Tuesday, May 22, 2007

Slouching towards Bethlehem

In one of the most dramatic moments ever captured on The Sopranos, Tony is reduced to stroking the wet hair on his son A.J.'s head, repeating "It's alright, baby," and for a moment, all the evil that lies within him is vanished. One has to imagine that scene (and the couple leading up to it - spoilers ahead,) are going to be remembered for a long time, especially come Emmy season, as both James Gandolfini and Robert Iler nailed the heart-wrenching details of the confusion and anguish required for it to work as well as it did.

A.J.'s suicide attempt in the family pool had so many things going on it's hard to know where to begin. Let's start, as we should in a post about music, with the song leading up to A.J.'s decision. As Meadow tries to connect with her little brother, the song playing in the background is Blue October's "Into the Ocean," a song that eerily echoes what's going on in A.J.'s head:
The loss of her, the one I love
My will to quickly end it all
Set front row in my need to fall
Into the ocean, end it all...
Into the ocean (goodbye) end it all (goodbye)
The family pool, where A.J. makes his attempt, has served in the series as a sort of symbol of the core of the family, the womb as it were. It's where Tony nursed the ducks to health, and where he and Carmela consumated the end of their separation. The fact that A.J. leaves just enough rope to barely survive both serves the purpose of it being a cry for help, and also as a metaphor for A.J.'s connection to the family. If he stays too close, he will die, but he only leaves himself enough slack to barely survive. When Meadow tells him he needs to take off on his own, A.J. claims he needs his mom's cooking as something else might "mess up his blood chemistry." (And what's the first thing we see from Carm? Lincoln log sandwiches. There's your blood chemistry! What does it mean that Tony eats one of A.J.'s sandwiches before saving him?)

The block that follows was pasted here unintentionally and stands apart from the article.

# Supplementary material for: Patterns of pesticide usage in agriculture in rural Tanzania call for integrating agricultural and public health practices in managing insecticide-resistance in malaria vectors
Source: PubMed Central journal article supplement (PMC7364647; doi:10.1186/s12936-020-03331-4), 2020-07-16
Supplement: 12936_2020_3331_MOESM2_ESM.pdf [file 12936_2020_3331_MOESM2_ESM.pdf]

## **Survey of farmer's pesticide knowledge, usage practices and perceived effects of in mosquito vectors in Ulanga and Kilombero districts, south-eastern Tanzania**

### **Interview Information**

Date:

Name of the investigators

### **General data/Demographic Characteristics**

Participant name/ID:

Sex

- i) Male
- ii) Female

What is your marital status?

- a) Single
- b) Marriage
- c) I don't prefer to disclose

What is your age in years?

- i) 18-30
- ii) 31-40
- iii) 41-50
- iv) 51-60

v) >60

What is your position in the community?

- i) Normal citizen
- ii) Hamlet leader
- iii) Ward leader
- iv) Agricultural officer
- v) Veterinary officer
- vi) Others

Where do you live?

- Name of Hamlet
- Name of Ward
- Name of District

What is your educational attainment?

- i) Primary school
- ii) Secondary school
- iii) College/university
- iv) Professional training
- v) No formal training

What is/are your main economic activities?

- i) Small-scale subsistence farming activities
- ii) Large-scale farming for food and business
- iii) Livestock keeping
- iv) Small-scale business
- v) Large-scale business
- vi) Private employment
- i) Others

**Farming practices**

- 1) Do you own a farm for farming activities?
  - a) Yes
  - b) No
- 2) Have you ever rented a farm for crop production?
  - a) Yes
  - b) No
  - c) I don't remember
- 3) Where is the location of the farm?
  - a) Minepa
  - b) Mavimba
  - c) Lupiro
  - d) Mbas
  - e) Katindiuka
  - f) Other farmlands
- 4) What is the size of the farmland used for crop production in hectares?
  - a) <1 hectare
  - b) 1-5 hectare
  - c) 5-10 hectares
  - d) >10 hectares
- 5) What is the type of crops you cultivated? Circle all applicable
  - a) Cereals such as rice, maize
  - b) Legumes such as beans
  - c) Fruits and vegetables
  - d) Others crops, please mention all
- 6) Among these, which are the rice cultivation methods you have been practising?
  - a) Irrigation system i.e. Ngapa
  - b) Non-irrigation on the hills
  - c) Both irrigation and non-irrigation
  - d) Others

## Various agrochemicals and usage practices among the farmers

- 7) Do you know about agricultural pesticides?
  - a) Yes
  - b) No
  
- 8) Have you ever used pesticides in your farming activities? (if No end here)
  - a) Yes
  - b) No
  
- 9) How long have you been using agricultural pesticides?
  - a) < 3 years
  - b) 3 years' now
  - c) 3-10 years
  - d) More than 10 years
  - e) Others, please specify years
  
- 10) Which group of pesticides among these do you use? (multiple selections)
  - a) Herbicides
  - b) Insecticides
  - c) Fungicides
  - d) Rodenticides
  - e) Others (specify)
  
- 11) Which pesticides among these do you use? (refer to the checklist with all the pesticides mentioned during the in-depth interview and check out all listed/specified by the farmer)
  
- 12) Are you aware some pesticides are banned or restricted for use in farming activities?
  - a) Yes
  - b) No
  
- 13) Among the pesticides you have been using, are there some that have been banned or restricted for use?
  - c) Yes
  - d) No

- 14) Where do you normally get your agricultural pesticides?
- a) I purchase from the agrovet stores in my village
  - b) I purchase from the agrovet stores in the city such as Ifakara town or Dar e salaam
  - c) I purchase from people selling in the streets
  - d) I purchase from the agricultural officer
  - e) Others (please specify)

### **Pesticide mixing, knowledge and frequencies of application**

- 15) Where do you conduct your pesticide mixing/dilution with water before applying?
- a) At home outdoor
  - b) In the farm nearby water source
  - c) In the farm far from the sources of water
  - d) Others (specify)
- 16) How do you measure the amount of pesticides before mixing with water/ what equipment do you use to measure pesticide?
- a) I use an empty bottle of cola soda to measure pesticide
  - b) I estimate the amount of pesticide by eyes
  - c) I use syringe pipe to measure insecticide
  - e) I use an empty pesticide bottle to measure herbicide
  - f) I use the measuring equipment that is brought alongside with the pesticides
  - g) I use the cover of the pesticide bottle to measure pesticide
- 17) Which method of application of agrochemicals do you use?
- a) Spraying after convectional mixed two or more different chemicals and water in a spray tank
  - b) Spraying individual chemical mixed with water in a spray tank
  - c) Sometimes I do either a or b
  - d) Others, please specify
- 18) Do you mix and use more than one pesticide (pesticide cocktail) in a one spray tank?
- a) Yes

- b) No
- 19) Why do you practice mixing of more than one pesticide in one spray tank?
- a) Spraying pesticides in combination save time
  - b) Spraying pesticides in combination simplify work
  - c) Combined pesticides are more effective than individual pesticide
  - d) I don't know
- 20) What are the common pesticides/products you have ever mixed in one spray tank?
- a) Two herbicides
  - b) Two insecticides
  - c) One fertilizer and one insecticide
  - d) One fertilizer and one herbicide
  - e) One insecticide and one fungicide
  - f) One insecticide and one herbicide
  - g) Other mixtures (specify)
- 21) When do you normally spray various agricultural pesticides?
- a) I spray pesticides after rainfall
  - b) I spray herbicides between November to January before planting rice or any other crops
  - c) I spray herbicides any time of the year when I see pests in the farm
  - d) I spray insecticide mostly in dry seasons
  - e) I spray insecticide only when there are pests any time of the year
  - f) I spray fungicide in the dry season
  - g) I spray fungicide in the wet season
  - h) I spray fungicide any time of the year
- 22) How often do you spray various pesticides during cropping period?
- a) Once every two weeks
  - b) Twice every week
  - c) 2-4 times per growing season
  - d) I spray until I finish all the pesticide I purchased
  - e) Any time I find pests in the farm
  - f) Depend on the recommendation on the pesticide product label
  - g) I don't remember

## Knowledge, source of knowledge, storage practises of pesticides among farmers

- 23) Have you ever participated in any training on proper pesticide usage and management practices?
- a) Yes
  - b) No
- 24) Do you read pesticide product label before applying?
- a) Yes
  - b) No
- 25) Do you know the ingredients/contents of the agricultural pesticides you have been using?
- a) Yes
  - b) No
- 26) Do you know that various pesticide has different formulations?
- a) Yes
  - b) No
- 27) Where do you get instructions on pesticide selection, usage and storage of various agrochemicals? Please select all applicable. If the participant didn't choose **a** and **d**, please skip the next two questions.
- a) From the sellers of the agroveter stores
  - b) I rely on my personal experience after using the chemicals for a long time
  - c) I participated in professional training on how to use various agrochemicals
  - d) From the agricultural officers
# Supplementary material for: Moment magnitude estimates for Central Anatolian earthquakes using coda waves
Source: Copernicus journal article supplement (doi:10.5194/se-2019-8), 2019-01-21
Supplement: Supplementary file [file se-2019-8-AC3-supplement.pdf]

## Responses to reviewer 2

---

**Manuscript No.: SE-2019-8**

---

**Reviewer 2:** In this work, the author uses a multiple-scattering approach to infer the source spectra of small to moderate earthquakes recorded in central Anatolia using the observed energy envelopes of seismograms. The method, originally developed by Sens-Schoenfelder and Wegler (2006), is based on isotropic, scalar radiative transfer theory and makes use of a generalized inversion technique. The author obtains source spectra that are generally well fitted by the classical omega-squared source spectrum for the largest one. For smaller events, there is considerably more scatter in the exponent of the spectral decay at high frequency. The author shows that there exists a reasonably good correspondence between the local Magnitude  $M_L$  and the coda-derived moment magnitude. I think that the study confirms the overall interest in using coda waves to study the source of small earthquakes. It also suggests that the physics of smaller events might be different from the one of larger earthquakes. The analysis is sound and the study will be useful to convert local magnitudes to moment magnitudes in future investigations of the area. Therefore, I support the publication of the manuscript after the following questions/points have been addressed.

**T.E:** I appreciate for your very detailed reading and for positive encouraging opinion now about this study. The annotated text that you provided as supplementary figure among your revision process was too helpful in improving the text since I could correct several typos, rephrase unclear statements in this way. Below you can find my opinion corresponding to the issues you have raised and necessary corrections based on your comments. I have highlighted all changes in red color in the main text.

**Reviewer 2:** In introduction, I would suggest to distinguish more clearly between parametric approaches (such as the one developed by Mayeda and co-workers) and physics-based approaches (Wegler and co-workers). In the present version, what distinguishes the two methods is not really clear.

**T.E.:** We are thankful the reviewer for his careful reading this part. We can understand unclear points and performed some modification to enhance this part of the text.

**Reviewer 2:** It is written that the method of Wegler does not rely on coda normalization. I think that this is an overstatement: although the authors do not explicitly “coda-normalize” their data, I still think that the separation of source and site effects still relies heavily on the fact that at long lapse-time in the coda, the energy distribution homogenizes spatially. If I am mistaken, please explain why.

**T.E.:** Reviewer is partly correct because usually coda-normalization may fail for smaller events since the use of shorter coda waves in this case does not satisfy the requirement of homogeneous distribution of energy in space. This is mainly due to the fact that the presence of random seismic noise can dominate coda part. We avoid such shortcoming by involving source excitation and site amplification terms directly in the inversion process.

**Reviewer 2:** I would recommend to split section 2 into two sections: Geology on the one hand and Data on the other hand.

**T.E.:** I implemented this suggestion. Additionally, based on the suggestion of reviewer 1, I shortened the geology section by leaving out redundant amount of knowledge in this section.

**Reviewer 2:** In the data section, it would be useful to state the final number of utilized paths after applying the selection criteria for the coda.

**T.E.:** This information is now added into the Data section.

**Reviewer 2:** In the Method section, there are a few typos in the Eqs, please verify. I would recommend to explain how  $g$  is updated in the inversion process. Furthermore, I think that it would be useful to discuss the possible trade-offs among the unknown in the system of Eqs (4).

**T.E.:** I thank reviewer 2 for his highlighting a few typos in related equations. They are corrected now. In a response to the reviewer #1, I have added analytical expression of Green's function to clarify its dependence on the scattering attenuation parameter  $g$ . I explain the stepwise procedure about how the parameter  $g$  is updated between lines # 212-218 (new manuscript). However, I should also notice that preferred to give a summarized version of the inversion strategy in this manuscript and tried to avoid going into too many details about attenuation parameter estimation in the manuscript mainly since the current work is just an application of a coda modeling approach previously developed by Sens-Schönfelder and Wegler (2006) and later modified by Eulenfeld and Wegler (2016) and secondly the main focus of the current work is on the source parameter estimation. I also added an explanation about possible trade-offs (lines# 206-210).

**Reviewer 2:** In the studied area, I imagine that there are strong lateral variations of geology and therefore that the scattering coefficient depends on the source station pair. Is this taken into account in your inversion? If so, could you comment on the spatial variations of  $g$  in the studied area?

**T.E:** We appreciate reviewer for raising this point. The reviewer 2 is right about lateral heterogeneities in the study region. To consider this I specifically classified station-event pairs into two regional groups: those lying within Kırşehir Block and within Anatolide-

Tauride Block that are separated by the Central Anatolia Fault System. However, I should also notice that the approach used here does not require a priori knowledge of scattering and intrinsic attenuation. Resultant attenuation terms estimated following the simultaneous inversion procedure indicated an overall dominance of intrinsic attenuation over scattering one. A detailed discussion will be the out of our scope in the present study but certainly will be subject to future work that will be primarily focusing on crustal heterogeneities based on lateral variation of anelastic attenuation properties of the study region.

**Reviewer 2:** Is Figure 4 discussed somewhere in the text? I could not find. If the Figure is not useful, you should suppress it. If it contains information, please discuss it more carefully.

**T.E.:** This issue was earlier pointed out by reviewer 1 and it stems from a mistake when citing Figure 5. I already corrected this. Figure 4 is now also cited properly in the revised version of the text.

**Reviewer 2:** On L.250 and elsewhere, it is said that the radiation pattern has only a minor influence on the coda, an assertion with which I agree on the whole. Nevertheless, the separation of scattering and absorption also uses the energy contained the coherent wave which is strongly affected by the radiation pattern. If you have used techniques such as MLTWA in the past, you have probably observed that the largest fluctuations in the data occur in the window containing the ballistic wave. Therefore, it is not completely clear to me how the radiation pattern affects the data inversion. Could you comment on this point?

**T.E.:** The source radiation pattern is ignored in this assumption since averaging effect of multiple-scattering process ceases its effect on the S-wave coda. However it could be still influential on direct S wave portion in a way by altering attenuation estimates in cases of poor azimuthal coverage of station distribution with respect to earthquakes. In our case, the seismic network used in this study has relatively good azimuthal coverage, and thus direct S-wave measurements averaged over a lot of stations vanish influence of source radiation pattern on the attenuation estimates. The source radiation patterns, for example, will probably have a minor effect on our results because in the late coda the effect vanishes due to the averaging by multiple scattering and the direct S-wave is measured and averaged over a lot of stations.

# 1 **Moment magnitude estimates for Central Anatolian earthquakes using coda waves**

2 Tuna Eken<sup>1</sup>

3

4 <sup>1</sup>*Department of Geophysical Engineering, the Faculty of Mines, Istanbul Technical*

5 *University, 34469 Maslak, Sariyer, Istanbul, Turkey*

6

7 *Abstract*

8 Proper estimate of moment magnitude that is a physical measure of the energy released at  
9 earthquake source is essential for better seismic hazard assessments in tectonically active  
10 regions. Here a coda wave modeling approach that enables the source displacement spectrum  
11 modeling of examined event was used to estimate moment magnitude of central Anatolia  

Speaking of returning to the womb, Tony's recollection of what he sees in the desert on his Carlos Castaneda kick is a fairly poignant metaphor for what's going on here. He says (to Dr. Melfi:)
Our mothers are like bus drivers... no... they're the bus. They're the vehicle that gets you here. They drop you off, then they go their own way, continue on their own journey. The problem is, we keep trying to get back on the bus when we should just be letting it go.
The bus of the series could also be 'the famiglia,' as no one seems to be able to let it go. A.J. seemed to be sort of on the path until Blanca essentially paid for his bus ticket and now it's killing him. Adriana had a chance to leave and instead stayed (and we remember how that ended up.) Even Christopher contemplated leaving before meeting his end last week. Now even Meadow has returned, dating the son of one of Tony's captains. You remember how Tony felt about her dating Jackie Jr.? When Meadow tells him of the sexual innuendos that Phil's lunkhead Coco threw at her, he kept his cool. But soon as he found out she was dating another next-gen-goomba, he lost it... and Coco got curbed.